The diagram below shows the outline architecture that has been created for the development and project management of the CICS portfolio of products. It shows not only how the projects connect, but also which ones are used primarily for planning and which for delivery.
Illustration 3: Overview of the CICS Jazz server architecture
Even for a product as mature and critical as CICS TS for z/OS, the transition from a waterfall-based approach to one based on Agile principles can clearly be achieved. It takes time and determination, and the right tooling is essential. RTC has provided the CICS team with this integrated tooling.
RTC and Agile methodology have allowed the team to adopt the various practices and tools in a staged manner and significant benefits are now being realised. With the continued adoption of RRC and RQM and a full CLM solution, further benefits will continue to be realised in the future.
IBM Hursley Laboratory
In addition to CICS TS for z/OS, the adoption of Rational tooling has expanded to many other teams at the Hursley Laboratory. These include:
- Websphere MQ wanted to move to a more agile development process using Rational Team Concert
- Websphere MQ and WebSphere Message Broker Teams wanted a better way to manage and track test activity using Rational Quality Manager
- and more
Since 2008, the growth in Rational tools as part of a centrally supported, single Agile development solution at IBM Hursley has been staggering. The team that hosts the Jazz servers initially deployed Jazz on what was at the time an unsupported platform (AIX), as that was the only equipment that was available at the time. AIX is now supported, and the team have had to put in place capital plans to support the existing and future anticipated growth they are seeing.
Chart 1: The number of Jazz repositories hosted at Hursley
Chart 2: The number of users on Hursley Jazz repositories (000’s)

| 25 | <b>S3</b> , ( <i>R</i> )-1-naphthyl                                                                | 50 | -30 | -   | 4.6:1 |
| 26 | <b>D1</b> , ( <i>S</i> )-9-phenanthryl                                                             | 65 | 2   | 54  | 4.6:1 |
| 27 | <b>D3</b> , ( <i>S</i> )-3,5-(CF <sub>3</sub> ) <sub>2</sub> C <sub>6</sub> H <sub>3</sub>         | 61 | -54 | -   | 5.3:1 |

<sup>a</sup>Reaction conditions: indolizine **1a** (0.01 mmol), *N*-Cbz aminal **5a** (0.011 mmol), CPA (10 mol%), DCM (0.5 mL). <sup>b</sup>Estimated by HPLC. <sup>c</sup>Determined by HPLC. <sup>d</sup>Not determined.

Chart 3: The size (Terabytes) of the file systems on Hursley Jazz repositories
showing the aniticpated growth for the remainder of the year
Chart 4: The distribution by country of Hursley Jazz users
Until 2010, the adoption of Jazz at Hursley was not driven by management, but by the users themselves. It was only when the management team found that 80% of the development teams in Hursley were already using Jazz tooling, or planning to use it, that the message was given that all new projects were to use Jazz as the basis for their development.
In 2009, the growth was so great that the Hursley Jazz Community was formed. It meets on a monthly basis to share best practices and help new adopters overcome any problems they might be experiencing.
The team supporting the Jazz servers have been surprised by the eagerness of users to adopt the latest version of the Jazz product. In many cases requests being received for the next version before it has been released! Previously the team have found it extremely difficult to pry users off existing systems.
This has been a fascinating challenge for the Rational Tools team at Hursley, and will continue to be so as they support hundreds of servers and tens of thousands of users into the future.
Copyright © 2012 IBM Corporation